Pollsters during the last General Election campaign said immigration was the single issue aside from the economy that most concerned UK voters. My experience of Romanian immigrants in the UK is more personal and first hand than most – I was raised by one.
In January 1956 at just fifteen years of age my father, Dinu Barbu Ion Coltofeanu was sent to study at Taunton School in Devon by his parents, Corneliu and Sanda. On finishing his studies he moved to London and became a British National in October 1964. He met my mother, an English girl called Ruth, in April 1975 and they were married two years later. In 1981 they moved to Dorking in Surrey and I was born later that year followed by my sister Alice in 1984. Dad worked as an Independent Financial Adviser in London for forty years before retiring to East Grinstead in West Sussex in April 2011.
He is saddened by the portrayal of Romanians and Romanian immigrants by much of the British media and occasionally experiences its knock-on effect on the British public first hand. About fifteen years ago a Conservative Party member knocked on the door of our family home. When Dad asked him about his Party’s policies the gentleman replied, “well, first of all we’ll stop all these bloody Romanians coming here.” Last week he was queuing in a bookshop in East Grinstead when he overheard a woman at the checkout voicing her disdain for Romanian immigrants. “Oi!” he retorted.
Despite these sporadic episodes Dad is desperately proud to be British. He loves the country pubs, the sense of humour, the newspapers, the England Rugby Team and ‘Have I Got News For You’. He’s created an ever-expanding model village in his attic made of miniature cottages that he collects from Charity Shops. Every Christmas he delivers gifts to elderly and isolated people with other members of his beloved Rotary Club and the highlight of his well-earned retirement is spending two days a week volunteering in the house and gardens of a nearby National Trust Property.
Dad’s well aware of the Romanian reputation for thievery. Last weekend after a couple of drinks he joked that when someone steals its called kleptomania but that when a whole nation steals it’s called Romania. But I remember a Saturday morning walk into town with Dad and Alice when I was very young. We entered the newsagents and Alice, who was too young to know you had to pay for these things, reached out from her pram and helped herself to a chocolate bar without anyone noticing. Half way down the road my dad spotted the chocolate smeared all over her face and hands. I vividly remember wondering what Dad would do. Had we ‘got away with it’? Was it worth returning to the newsagents? After all it was ‘only a chocolate bar’. We went back and paid. I’ve never forgotten that day.
Dad was very impressed with the smattering of Romanian I taught myself from a phrasebook 18 months ago in preparation for ten days I was about to spend volunteering on a farm in the Transylvanian mountains – my first ever visit to Romania.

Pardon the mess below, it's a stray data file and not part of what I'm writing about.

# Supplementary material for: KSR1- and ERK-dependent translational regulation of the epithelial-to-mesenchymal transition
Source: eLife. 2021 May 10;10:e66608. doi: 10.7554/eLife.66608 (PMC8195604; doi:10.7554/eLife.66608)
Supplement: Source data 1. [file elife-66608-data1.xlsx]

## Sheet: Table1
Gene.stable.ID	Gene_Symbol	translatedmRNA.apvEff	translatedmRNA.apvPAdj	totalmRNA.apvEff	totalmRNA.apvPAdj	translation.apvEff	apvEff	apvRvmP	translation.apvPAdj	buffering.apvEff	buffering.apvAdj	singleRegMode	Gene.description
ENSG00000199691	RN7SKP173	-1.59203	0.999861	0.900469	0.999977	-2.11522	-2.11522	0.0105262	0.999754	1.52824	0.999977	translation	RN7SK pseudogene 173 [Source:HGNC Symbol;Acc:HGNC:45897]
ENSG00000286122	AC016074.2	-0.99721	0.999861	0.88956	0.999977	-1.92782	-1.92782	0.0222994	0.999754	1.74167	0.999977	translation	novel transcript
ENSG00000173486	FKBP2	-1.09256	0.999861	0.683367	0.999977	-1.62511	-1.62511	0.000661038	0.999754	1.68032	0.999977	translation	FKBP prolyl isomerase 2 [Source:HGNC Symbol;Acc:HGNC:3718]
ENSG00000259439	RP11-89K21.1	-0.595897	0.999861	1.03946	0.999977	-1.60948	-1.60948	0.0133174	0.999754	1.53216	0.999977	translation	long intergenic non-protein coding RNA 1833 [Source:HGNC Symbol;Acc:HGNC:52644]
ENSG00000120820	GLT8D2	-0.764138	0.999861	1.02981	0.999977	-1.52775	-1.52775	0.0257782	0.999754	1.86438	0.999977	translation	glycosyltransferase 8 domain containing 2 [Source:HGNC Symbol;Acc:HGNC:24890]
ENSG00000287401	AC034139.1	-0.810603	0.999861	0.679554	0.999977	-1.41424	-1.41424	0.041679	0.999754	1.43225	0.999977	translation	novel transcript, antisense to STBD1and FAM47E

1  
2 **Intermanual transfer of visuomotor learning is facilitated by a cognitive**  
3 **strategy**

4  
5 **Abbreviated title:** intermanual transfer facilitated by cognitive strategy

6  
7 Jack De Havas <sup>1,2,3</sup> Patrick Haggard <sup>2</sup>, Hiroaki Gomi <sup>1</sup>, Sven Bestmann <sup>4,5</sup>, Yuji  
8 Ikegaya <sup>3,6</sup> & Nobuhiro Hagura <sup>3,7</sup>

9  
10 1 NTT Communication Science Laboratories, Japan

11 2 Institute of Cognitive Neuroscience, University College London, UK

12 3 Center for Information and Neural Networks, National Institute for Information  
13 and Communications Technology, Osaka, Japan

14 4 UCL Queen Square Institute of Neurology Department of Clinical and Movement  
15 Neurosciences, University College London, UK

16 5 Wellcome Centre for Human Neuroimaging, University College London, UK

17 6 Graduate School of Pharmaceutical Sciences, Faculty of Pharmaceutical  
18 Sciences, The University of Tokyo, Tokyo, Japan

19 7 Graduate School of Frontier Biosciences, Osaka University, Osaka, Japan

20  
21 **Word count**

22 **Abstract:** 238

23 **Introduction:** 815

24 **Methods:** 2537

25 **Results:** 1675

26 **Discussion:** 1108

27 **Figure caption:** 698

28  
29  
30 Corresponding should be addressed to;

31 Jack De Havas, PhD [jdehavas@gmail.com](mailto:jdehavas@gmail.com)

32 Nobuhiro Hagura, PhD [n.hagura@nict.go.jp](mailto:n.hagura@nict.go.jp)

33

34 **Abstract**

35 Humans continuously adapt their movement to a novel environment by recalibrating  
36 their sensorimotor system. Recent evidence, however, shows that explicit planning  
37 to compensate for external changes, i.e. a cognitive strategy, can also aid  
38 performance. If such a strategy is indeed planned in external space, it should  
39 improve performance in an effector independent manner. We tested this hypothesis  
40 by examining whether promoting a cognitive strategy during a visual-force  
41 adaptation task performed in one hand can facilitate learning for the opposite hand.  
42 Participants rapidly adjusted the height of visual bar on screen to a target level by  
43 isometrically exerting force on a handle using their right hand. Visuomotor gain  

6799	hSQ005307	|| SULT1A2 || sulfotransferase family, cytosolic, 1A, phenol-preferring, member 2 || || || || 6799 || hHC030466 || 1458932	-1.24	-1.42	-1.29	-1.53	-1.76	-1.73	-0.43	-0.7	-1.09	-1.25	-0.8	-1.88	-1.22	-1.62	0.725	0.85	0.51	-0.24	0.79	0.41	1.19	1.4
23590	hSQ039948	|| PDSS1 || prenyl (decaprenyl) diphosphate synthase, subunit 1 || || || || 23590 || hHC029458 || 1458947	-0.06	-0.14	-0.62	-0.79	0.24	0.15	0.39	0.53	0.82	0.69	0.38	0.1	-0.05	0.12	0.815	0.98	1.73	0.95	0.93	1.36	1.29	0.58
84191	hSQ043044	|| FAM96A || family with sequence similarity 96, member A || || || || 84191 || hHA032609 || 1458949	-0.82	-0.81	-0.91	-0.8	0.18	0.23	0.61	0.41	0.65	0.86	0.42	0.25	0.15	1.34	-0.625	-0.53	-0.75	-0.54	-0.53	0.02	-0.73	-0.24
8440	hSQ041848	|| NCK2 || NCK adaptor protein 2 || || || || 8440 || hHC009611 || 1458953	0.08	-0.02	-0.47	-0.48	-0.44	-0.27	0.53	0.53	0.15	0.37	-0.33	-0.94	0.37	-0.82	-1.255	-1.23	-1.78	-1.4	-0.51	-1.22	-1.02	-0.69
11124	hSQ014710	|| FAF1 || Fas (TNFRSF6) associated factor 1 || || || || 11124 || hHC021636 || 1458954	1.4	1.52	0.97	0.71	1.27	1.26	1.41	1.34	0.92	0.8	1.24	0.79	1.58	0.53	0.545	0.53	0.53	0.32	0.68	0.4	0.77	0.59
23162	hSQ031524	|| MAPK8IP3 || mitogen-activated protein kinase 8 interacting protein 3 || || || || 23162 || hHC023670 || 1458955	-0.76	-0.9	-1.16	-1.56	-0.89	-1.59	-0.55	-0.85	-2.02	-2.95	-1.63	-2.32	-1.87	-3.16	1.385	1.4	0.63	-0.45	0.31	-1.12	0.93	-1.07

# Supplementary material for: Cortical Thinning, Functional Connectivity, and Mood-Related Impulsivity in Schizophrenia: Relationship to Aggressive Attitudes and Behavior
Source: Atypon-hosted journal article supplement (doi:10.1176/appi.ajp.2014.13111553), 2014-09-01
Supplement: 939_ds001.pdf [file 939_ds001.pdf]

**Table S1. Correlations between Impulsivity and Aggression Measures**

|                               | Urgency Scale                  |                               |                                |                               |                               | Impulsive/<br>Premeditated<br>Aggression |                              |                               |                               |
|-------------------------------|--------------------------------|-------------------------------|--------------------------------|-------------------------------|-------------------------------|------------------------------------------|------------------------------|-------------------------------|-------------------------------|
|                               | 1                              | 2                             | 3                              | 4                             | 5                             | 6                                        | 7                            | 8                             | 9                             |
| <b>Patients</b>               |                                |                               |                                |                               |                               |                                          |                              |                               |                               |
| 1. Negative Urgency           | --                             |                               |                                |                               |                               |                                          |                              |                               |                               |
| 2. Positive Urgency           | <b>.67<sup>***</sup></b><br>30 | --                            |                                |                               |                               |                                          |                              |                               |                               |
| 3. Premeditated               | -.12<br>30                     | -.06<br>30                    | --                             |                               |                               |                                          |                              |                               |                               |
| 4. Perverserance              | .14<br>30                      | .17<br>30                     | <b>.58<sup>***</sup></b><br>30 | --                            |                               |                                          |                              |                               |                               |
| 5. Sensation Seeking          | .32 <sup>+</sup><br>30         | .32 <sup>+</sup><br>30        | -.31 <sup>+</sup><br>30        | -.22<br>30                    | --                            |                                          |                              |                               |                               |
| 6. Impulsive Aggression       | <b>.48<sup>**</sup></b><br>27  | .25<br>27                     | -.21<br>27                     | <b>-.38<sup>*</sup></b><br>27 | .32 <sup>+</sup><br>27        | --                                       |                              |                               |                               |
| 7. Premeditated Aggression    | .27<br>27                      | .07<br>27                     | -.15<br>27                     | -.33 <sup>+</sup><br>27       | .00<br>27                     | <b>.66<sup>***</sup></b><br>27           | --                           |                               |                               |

The Transylvanian countryside is truly mesmeric in its panoramic natural beauty and I was humbled by the hospitality and friendliness of every Romanian I met. The people are cash-poor but largely self-sufficient. They work long, hard hours but maintain a blissfully unhurried way of life. It was glorious, and being ‘off-grid’ from social media and without my mobile phone I quickly fell in love with the place. Covered in earth I sweated all day under the sun in the gardens and fields then gorged on the farm’s produce and homemade brandies every evening with the other volunteers.
The village’s sense of community is an example for all. The villagers couldn’t understand when I told them that if you go to a stranger’s house in England to ask for a glass of water you would most likely have the door shut in your face.
Sadly, since television has found its way into their homes, villagers are bombarded with adverts for western products and ideals that they’ve never had any need for. Yet they are made to fear they will be left behind if they do not move with the times and many of the old ways are sadly dying. Despite the arrival of democracy after the Romanian Revolution of Christmas 1989, they are still a struggling transition economy. Corruption is rife and many maintain that life was better under Communism.
The UK government is considering launching an advertising campaign to discourage Romanians from coming to the UK when transitional controls on migrants from “A2 accession countries” are lifted on January 1st 2014. In truth, Romanians have had access to the UK for six years already so most that want to come are already here, while larger diaspora populations already exist in Italy and Spain and so if anything migrants are more likely to head there. The government might also do well to remember that millions of UK citizens work and live abroad.
I spent one month writing a record in New York in summer 2010. I felt I witnessed a city ahead of its time with its overwhelming and utterly enriching mix of peoples, cuisines & cultures. I’ve always found meeting people from different countries and cultures to be one of the most rewarding experiences life has afforded me.
So when I see Nigel Farage’s UK Independence Party adding a clock to their website counting down the days to the Romanian and Bulgarian invasion I switch off, call Dad, and organize a convenient time to go for a curry together. He will tell me all about the origins of the problems in the West Bank and as we walk home I will dream of cultivating my own piece of land in the foothills of the Carpathian Mountains in Transylvania one day.
Quite simply, I look at my father, the Romanian Immigrant and think “how can more people like that in this country ever be a bad thing?”